Our most recent book picnic took place on Wednesday 5th of september, and our staff and volunteers gave us new exciting recommendations that we wanted to share with you.
The Things I Would Tell You: British Muslim Women Write – by Sabrina Mahfouz
Sabrina Mahfouz choose to bring together in this book a collection of Muslim women’ stories, on different topics, from new writers published here for the first time to better known writers. From Algiers to Brighton, from the career of an actress to the user of an Islamic Tinder, Sabrina Mahfouz gives an outlet for this women in the search for belonging.
Recommended by Emily
Birdcage Walk – by Helen Dunmore
In this book you will follow Lizzie Fawkes, in Bristol, during the french revolution. Daughter of a fervent woman fighting for women’s rights, she is confined in an abusive relationship with a jealous and suspicious husband. Helen Dunmore talks about public and private violence as the heroine try to preserve her independent and questioning spirit.
Recommended by Pauline
Swell : a Waterbiography – by Jenny Landreth
In this part history part memoir book, Jenny Landreth will take you into the “swimming suffragettes” history. Even though today swimming seems to be a common activity, it is important to remember that, in the 19th century, Women were barely allowed to swim in the sea, and could do so as long as no men were around. This book is a tribute to women who have made equal access to swimming possible, their fight and their victory in the 1930s.
Recommended by Gabrielle
Between Shades of Gray – by Ruta Sepetys
This is the story of Lina, a fifteen Lithuanian girl, during the stalinian regim in 1941. She and her family are deported to Siberia in a labor camp. In her first novel, Ruta Sepetys will take you on the paths of deportation, resistance, love in the darkest times and a little known page of history.
Recommended by Claire
Revolting Prostitutes – The fight for sex workers’ rights – by Juno Mac and Molly Smith
Juno Mac and Molly Smith bring back to the table the questions of sex workers’ rights, from different perspectives and within different questions of migration, work, feminism or white supremacy. This book is a reflection about justice and freedom for sex workers, especially from a UK perspective.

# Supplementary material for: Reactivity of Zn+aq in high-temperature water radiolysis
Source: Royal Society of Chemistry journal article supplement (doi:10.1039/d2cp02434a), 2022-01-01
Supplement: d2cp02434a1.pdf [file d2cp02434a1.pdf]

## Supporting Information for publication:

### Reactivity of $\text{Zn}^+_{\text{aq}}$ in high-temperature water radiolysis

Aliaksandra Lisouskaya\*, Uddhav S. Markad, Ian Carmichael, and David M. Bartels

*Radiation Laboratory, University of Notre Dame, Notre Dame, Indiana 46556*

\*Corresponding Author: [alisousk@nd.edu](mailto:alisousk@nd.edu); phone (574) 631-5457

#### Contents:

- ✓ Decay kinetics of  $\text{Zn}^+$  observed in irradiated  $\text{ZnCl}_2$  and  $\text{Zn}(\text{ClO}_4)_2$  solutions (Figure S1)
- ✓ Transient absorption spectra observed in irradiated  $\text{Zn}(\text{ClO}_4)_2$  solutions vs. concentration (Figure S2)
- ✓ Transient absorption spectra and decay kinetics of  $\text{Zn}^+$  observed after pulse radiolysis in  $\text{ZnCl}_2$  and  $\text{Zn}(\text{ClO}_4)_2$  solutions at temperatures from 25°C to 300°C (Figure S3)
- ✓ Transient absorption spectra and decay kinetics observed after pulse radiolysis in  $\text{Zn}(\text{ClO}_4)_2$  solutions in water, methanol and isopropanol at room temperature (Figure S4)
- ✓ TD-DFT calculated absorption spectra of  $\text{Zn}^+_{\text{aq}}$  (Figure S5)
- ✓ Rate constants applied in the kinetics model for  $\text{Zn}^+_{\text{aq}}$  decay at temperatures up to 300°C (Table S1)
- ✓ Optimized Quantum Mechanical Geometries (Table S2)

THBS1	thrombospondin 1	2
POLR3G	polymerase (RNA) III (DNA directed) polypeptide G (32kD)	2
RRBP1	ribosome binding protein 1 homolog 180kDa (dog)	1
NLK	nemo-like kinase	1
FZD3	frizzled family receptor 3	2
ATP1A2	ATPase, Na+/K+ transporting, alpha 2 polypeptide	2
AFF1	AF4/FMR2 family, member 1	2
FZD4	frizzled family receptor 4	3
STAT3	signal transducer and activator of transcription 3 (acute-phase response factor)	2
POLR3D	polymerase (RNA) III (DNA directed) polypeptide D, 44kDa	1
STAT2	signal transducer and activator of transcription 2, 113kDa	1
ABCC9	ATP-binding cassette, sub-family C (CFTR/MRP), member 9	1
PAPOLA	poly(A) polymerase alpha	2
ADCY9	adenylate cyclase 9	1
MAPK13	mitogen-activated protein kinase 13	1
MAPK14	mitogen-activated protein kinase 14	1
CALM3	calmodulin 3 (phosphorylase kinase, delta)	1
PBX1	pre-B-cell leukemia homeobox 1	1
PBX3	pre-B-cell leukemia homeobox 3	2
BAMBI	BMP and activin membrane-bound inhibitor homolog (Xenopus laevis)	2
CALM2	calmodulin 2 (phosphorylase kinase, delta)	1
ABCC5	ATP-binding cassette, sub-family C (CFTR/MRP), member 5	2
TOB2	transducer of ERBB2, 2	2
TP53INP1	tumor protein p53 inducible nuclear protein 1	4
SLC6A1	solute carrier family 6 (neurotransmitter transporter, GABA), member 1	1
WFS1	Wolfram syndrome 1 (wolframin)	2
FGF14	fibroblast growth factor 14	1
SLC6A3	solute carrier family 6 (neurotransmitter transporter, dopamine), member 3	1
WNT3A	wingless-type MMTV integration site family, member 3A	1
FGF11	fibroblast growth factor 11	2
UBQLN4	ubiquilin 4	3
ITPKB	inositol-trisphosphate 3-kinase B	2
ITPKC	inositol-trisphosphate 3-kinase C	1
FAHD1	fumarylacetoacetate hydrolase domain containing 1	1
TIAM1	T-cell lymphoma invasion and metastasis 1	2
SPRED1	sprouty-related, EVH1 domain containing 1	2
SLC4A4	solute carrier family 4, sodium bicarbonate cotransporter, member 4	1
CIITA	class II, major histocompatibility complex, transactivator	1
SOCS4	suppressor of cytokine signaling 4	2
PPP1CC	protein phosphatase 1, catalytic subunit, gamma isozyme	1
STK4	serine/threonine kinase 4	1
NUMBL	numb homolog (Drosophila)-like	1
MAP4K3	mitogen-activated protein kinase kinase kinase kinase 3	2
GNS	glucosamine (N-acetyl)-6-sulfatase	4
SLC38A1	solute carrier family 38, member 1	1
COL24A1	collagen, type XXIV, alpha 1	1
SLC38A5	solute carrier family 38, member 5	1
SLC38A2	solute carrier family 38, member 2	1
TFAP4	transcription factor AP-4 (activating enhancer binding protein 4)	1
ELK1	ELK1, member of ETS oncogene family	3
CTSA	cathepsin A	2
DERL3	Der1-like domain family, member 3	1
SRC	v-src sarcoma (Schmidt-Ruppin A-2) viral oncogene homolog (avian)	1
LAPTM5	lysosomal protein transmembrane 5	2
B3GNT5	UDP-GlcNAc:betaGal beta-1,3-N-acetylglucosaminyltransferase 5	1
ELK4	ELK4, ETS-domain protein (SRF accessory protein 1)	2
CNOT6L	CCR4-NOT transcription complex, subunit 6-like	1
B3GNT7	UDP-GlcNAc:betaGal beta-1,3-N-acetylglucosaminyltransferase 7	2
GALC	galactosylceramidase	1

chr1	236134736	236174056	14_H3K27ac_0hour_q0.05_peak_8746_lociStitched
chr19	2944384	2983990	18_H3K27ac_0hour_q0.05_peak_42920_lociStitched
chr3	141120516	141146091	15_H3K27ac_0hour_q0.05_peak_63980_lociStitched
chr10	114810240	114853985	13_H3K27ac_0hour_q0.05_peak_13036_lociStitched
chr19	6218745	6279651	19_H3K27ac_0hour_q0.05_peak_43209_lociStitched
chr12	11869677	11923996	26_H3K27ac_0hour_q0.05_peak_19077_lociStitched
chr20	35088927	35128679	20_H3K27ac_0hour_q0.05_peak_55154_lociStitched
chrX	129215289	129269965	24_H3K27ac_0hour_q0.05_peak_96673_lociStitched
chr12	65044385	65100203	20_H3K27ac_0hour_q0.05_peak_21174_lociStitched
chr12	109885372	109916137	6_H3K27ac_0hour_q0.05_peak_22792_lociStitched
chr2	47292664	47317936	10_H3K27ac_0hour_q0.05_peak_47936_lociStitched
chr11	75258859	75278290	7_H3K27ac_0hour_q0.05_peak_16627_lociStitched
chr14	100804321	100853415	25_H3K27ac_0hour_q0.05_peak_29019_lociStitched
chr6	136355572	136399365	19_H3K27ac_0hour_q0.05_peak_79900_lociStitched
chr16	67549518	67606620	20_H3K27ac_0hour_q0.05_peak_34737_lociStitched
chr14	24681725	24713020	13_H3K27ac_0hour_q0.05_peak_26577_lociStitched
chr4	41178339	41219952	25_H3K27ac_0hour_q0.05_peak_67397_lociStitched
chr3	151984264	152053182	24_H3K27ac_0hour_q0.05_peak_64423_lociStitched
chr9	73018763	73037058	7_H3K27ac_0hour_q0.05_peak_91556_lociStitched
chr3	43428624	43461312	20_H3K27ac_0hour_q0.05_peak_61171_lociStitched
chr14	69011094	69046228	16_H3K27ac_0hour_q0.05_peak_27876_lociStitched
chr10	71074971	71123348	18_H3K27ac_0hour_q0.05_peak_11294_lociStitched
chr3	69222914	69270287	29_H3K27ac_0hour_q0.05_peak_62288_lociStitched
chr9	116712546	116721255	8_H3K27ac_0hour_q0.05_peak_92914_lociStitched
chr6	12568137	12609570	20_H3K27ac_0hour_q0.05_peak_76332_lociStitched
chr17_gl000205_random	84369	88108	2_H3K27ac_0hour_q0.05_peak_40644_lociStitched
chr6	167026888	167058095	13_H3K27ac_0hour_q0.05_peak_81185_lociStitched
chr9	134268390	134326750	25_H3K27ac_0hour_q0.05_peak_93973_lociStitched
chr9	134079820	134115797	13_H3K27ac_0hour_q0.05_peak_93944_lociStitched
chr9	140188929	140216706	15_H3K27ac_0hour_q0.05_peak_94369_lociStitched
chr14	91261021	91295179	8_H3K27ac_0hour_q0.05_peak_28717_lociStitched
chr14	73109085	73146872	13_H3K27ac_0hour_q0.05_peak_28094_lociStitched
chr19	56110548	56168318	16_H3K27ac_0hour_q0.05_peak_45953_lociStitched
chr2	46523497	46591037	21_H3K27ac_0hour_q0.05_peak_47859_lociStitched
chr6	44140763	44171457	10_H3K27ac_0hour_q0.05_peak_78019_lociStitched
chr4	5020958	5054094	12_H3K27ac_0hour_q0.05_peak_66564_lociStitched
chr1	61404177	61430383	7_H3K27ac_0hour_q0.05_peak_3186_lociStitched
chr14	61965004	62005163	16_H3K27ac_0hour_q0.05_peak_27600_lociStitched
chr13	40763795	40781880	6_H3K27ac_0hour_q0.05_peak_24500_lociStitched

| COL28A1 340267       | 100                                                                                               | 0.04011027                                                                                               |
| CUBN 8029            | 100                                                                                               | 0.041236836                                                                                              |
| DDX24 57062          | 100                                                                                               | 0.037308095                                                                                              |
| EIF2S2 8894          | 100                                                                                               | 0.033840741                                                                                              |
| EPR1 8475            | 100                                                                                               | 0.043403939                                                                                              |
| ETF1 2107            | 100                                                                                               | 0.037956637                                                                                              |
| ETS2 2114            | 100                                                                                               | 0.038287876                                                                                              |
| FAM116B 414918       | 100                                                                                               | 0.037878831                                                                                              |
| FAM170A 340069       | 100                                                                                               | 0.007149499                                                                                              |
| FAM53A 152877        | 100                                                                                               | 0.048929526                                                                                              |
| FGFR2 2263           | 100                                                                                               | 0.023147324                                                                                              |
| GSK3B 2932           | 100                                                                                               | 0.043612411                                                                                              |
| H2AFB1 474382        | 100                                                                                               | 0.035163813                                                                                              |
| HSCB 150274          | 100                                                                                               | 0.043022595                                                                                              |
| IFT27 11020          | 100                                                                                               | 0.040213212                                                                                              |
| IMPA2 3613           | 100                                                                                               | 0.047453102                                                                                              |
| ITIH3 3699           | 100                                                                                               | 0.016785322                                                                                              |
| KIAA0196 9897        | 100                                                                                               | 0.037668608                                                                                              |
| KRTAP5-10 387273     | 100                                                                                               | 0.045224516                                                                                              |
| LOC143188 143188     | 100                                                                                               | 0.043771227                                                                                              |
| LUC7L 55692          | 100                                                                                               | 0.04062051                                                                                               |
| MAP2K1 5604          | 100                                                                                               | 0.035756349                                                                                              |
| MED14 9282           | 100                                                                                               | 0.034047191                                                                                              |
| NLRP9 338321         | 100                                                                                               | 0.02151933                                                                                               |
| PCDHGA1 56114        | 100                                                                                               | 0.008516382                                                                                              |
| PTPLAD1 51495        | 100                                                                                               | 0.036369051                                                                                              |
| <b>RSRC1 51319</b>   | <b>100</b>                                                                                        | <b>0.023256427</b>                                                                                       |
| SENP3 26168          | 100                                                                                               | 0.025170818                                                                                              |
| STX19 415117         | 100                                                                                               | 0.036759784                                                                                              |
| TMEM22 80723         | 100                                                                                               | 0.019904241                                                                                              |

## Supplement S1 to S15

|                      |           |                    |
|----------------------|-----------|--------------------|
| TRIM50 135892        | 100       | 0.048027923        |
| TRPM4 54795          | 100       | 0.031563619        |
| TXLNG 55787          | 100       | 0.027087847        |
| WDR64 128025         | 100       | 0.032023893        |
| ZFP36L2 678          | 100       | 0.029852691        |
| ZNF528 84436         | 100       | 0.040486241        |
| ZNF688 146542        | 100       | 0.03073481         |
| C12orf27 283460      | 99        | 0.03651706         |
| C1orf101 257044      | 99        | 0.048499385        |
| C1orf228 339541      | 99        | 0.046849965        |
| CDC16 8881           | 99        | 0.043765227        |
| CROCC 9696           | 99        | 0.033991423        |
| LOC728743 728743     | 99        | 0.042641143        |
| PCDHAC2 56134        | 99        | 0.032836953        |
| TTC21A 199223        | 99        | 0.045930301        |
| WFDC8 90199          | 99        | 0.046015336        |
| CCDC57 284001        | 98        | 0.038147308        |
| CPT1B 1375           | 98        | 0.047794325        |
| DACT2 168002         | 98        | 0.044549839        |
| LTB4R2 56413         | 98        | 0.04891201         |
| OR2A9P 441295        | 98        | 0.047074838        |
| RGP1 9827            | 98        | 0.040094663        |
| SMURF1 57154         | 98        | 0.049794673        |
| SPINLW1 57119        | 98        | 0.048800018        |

GWL is hoping to host the two authors for a discussion about the book. More information will be on the site soon.
You might also like: Fish Net by Kirstin Innes
Recommended by Katie
The girl Guide: 50 ways to learn to love your changing body – by Marawa Ibrahim
This is a funny and illustrated guide about the wonders of our changing bodies as teenagers. This guide is regrouping stories, anecdotes and lessons that the author experienced in her own body, in collaboration with Doctor Janice K. Hillman. A funny and playful way to understand, or remember, the feelings of our unpredictable bodies.
Recommended by Hannah
Elsewhere, Home – by Leila Aboulela
Elsewhere, Home offers the stories of several immigrant women as they go through the assimilation and difference in new countries and new homes. In a time when immigration is a social issue, Leila Aboulela explore the different feelings which flow from a new life in a new environment.
Recommended by Wendy
We should all be feminists – by Chimamanda Ngozi Adichie
We should all be feminists is an essay, wich aims to give a definition of Feminism in the 21st century. This essay was actually adapted from a TED talk video of the author, in 2012, and includes anecdotes and analysis about a main subject: what it means to be a feminist.
Ted talk video link: https://www.youtube.com/watch?v=hg3umXU_qWc
Recommended by Celestine
A Court Of Mist and Fury – by Sarah J. Maas
This is the second book in the Sarah J. Maas fantasy series “A Court of Thornes And Roses”. In this second book, you will follow again Feyre as she had to deal with the terrible events that happened in the first book. In a fearie world divided in Courts, such as the Day Court, the Night Court or the Summer Court, our heroin has to face depression, the recovery of an abusive relationship and the understanding of what it means to stand for yourself.
Recommended by Laura